The NAS That Don't Get No Respect

It has most of the features and capabilities that the competition offers, and at a lower price. So why do so many people look down their noses at it?

Howard Marks

February 13, 2009

2 Min Read
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11:15 AM -- What would you say to a NAS/unified storage OS that, in addition to providing CIFS, NFS, and iSCSI services, provided full text indexing of file content, directory based quotas, and file type screens to prevent users from uploading their MP3 collections, a global name space so multiple devices can act as one and basic SRM reporting? If that's not enough it has sexy data reduction technologies including file system compression and "file-level de-duplication," or single-instance storage.

When it comes to reliability, it can run in single-controller configurations or clusters of up to eight nodes. It is supported by every major backup application, including CDP, and includes copy on write snapshots with end user access to previous versions and deleted files so you don't have to deal with user requests for single file restores. Finally, it's OEMed by vendors from Dell, HP, and IBM to Akbar and Jeff's Computer Hut in appliance and gateway configurations from 1 to 100s of TB.

Despite all these features, our NAS OS is treated like Rodney Dangerfield by enterprise admins who would rather spend several times as much to put bottom-of-the-line FAS or Celerra with 2 TB of disk in the Rancho Cucamonga branch office.

If you havent guessed yet, our mystery OS is Microsoft's Windows Storage Server (WSS) -- the version of Windows Server 2003 R2 that OEMs can use to build NAS solutions. The iSCSI target, which Microsoft acquired from Stringbean Software a couple of years ago, and single-instance storage are unique to WSS as are the command line and Web management console. WSS also differs from Windows server in licensing as Client Access Licenses aren't required to access a WSS server, which really doesn't end up mattering for most organizations as they're required for domain controller access anyway.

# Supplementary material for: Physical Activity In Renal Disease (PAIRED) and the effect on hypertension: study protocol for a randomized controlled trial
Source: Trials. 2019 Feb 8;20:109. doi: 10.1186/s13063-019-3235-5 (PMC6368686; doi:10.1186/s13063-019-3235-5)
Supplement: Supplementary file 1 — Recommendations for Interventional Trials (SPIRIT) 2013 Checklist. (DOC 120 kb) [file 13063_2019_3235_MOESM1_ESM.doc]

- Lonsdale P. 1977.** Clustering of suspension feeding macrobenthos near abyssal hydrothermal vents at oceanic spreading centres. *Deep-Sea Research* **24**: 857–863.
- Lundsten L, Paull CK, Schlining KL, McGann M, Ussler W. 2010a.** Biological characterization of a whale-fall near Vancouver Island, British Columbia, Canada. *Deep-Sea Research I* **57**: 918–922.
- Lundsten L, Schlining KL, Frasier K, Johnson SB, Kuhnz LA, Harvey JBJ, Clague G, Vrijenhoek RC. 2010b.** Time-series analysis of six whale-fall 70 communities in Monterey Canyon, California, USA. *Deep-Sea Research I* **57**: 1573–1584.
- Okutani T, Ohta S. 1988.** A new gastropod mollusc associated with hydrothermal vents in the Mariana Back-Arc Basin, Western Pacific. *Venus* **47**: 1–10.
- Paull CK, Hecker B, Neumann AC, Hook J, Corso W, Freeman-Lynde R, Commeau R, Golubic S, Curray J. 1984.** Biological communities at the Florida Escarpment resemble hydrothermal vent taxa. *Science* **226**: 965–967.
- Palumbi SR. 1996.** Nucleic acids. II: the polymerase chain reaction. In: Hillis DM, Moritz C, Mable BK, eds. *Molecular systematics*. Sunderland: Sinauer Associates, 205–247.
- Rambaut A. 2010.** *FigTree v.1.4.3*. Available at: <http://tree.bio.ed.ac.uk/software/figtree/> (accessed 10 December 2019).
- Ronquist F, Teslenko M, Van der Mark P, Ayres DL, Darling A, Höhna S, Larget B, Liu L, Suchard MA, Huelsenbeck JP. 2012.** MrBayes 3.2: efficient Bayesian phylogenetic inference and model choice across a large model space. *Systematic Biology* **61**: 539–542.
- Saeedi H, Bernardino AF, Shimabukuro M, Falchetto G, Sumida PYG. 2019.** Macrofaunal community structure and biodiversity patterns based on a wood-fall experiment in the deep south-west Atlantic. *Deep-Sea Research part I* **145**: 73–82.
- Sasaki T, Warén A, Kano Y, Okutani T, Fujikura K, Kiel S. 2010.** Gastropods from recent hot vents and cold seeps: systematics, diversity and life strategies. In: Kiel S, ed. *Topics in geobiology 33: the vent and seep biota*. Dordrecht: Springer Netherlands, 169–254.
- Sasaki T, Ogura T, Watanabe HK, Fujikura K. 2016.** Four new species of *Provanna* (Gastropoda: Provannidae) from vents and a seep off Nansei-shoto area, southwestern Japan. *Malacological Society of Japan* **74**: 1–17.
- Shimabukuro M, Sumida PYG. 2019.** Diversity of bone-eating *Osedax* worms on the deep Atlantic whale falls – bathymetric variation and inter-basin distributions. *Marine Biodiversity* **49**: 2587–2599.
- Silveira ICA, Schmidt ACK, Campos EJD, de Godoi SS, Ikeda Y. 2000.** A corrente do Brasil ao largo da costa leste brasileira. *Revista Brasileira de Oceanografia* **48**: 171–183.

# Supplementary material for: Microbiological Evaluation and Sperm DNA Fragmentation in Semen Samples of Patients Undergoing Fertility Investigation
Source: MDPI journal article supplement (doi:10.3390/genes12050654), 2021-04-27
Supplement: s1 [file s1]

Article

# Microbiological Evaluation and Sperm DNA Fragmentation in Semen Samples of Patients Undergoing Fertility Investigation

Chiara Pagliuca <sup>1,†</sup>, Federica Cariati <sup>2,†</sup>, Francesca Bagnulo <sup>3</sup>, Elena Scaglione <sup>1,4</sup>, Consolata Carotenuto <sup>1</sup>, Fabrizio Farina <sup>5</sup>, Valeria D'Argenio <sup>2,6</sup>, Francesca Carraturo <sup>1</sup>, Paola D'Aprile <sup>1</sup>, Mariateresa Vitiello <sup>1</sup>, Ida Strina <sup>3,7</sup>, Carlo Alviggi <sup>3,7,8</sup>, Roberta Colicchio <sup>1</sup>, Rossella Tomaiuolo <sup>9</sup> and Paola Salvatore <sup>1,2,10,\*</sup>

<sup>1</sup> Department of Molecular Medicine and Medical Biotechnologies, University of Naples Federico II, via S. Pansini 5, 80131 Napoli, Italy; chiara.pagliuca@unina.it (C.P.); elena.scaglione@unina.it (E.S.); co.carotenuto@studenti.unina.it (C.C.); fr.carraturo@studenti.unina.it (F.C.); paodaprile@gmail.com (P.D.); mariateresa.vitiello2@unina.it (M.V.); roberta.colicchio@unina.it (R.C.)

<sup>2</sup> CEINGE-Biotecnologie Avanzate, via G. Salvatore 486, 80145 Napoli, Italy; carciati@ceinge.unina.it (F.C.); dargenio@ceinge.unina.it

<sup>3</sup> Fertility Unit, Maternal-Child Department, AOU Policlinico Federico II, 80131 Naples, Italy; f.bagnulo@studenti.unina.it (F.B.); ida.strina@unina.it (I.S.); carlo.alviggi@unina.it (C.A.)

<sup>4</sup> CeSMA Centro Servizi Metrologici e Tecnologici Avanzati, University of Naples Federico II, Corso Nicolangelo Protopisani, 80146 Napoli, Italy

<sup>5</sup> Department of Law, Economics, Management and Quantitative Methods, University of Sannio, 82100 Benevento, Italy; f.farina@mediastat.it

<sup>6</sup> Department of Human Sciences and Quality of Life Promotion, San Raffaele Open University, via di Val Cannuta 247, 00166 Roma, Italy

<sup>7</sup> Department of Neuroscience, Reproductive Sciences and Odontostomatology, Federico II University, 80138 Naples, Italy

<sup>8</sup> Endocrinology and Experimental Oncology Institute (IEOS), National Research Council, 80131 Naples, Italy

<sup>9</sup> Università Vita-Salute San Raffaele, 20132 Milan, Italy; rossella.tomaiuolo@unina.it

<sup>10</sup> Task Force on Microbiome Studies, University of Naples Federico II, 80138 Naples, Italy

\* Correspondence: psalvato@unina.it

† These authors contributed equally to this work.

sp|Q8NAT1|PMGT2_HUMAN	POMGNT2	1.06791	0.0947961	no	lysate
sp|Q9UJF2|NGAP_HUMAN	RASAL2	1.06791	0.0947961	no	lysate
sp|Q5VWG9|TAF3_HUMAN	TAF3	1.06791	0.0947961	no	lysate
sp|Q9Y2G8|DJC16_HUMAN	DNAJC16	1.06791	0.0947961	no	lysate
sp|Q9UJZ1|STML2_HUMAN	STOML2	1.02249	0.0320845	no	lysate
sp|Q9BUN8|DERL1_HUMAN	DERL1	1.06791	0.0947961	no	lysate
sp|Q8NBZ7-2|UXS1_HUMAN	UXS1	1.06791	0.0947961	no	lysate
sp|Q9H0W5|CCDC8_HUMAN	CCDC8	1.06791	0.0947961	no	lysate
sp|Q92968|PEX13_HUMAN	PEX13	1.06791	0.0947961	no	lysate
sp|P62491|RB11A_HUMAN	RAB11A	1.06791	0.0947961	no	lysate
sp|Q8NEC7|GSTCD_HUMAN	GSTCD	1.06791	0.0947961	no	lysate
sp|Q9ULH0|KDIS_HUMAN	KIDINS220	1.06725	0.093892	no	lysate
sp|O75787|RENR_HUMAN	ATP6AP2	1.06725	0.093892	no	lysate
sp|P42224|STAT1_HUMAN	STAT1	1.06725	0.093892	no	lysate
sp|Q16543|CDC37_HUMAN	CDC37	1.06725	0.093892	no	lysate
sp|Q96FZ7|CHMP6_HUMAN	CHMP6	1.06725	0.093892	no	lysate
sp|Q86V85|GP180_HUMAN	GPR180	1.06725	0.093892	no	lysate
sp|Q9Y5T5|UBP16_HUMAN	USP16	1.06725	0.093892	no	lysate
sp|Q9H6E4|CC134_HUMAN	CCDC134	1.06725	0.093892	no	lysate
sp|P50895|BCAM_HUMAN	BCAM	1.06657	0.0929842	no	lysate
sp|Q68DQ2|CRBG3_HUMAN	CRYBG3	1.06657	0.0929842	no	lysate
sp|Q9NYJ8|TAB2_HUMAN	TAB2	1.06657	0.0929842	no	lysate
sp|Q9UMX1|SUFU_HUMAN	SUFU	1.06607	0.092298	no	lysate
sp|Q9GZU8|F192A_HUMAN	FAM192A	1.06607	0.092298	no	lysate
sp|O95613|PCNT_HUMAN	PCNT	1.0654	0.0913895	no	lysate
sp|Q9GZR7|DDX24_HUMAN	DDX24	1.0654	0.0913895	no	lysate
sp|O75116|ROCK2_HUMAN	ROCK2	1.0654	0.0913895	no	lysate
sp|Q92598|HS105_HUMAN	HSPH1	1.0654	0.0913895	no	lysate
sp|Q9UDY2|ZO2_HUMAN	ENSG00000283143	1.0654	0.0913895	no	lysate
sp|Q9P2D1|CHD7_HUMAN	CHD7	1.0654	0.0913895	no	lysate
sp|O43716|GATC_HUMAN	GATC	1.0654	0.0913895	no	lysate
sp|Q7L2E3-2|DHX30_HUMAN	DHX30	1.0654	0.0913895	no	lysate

OK, so the NFS is pretty slow, you need to add third-party replication, and VSS snapshots are pretty much limited to backups and previous version restores. Even so, WSS, or just Windows server configured as a file server, is a perfectly good place for 100 or 1,000 users to stick their home directories on.Why, other than that bad taste from Windows NT that still hasn't gone away, don't it get no respect?

— Howard Marks is chief scientist at Networks Are Our Lives Inc., a Hoboken, N.J.-based consultancy where he's been beating storage network systems into submission and writing about it in computer magazines since 1987. He currently writes for InformationWeek, which is published by the same company as Byte and Switch.

About the Author(s)

Howard Marks

Network Computing Blogger

Howard Marks</strong>&nbsp;is founder and chief scientist at Deepstorage LLC, a storage consultancy and independent test lab based in Santa Fe, N.M. and concentrating on storage and data center networking. In more than 25 years of consulting, Marks has designed and implemented storage systems, networks, management systems and Internet strategies at organizations including American Express, J.P. Morgan, Borden Foods, U.S. Tobacco, BBDO Worldwide, Foxwoods Resort Casino and the State University of New York at Purchase. The testing at DeepStorage Labs is informed by that real world experience.</p><p>He has been a frequent contributor to <em>Network Computing</em>&nbsp;and&nbsp;<em>InformationWeek</em>&nbsp;since 1999 and a speaker at industry conferences including Comnet, PC Expo, Interop and Microsoft's TechEd since 1990. He is the author of&nbsp;<em>Networking Windows</em>&nbsp;and co-author of&nbsp;<em>Windows NT Unleashed</em>&nbsp;(Sams).</p><p>He is co-host, with Ray Lucchesi of the monthly Greybeards on Storage podcast where the voices of experience discuss the latest issues in the storage world with industry leaders.&nbsp; You can find the podcast at:

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